CHKD doctor and her kids get involved with pediatric Pfizer vaccine trials

Pfizer is expected to file safety and efficacy data with the FDA in early October for ages 5 to 11 and for younger children in November.

VIRGINIA, USA – “I encourage my children to always get out there and find things that can move us forward and move our community forward,” said pediatrician Dr. Theresa Broderick, Children’s Hospital of The King’s Daughters (CHKD). She has a 13- and 14-year-old who is enrolled in a Pfizer vaccine trial.

They started the procedure in January.

“They were very excited to be a part of the science in the future,” she said.

One received the vaccine, the other a placebo. But both are now vaccinated. They will be followed in the study until 2023.

“To protect themselves, their parents, grandparents, teachers, everyone in the community,” said Dr. Broderick.

dr. Broderick now told 13News that she is very impressed with the process, “in terms of checking up on the kids, calling, texting.”

dr. Broderick also has a 1-year-old and a 10-year-old ready to participate, “but we’re on the waiting list because their first places were full.”

They applied through the Virginia Research Center in the Richmond area.

dr. Raymond Decker told 13News Now families travel from areas like Hampton Roads and states like New Jersey and North Carolina.

He estimates that 90% of the pediatric vaccine study participants are infants or children of doctors or medical professionals.

“That’s the biggest endorsement of whether or not to get this vaccine,” he said.

dr. Decker wants to assure people that they take this research seriously.

“If we say this in terms of a baseball game, we’ve been throwing no-hitters since August 10 last year. This is a good, clean study,” he said.

As the studies for the younger age groups continue, Dr. Decker encourages vaccination for those who qualify. That is now, ages 12 and up.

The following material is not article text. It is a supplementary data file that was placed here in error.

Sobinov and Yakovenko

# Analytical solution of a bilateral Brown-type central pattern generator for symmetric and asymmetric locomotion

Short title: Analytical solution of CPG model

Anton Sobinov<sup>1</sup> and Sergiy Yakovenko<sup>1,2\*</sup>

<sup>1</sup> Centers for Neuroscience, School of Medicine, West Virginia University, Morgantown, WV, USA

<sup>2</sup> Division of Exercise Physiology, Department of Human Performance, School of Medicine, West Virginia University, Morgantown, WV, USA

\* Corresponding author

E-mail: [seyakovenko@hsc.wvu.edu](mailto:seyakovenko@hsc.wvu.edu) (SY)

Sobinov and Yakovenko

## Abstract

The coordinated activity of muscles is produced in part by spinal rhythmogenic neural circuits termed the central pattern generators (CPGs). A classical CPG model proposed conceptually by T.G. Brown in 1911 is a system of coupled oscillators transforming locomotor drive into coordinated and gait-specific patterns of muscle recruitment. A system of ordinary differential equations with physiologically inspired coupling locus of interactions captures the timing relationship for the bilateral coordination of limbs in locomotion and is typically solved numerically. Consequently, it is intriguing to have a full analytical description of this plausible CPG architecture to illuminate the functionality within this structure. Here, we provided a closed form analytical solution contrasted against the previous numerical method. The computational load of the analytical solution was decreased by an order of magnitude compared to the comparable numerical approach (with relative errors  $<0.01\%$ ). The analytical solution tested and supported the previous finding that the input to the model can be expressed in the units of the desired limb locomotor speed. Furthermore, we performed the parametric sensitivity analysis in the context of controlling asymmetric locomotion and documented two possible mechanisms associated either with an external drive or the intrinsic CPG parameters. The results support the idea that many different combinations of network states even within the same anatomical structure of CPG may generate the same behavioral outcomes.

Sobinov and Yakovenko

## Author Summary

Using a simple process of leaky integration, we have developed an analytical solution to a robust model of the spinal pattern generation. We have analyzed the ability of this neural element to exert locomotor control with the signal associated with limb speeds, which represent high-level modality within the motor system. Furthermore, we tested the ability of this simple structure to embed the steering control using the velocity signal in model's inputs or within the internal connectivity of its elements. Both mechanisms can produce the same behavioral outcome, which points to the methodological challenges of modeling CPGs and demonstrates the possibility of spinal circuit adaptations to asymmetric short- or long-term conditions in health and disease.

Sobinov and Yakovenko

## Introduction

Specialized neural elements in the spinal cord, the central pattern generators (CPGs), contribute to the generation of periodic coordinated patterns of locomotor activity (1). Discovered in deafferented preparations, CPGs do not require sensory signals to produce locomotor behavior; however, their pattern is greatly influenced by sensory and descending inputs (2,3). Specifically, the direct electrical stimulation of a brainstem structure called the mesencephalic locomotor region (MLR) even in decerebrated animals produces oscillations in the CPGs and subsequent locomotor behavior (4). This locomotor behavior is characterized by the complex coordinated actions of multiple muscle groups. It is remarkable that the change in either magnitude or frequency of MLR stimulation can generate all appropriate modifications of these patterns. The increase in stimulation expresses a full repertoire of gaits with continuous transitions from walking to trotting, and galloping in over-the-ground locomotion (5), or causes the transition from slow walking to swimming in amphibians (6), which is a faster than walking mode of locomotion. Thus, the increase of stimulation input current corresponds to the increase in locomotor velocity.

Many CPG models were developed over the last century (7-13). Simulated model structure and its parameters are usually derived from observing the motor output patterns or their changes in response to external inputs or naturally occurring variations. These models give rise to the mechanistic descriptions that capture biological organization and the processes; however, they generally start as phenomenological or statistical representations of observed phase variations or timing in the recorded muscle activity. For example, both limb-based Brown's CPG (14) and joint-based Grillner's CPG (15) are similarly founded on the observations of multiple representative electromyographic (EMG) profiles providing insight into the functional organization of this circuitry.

And in a virtual town hall Thursday night, two of CHKD’s top medical experts answered questions to try to separate COVID fact from fiction.

“Normally it takes years to get the right funding and to get the right approvals. That part was accelerated,” said CHKD medical director Dr. Doug Mitchell. “But the trials, the science, no shortcuts had been taken.”

The doctors explained the vaccine’s critical role in relieving congested hospital systems.

Lately, sick patients are getting younger and younger.

The experts also mentioned that while breakthrough cases are possible, the vaccines are still very effective.

“We protect you from hospitalization and death. The same should be true for your children,” says CHKD Pediatric Infectious Disease Specialist Dr. Laura Sass. “I want to reassure people that I vaccinated my own children and I wouldn’t tell you to vaccinate your own children if I didn’t think it was safe.”

If you missed the webinar, CHKD said the recording will be posted on their website.

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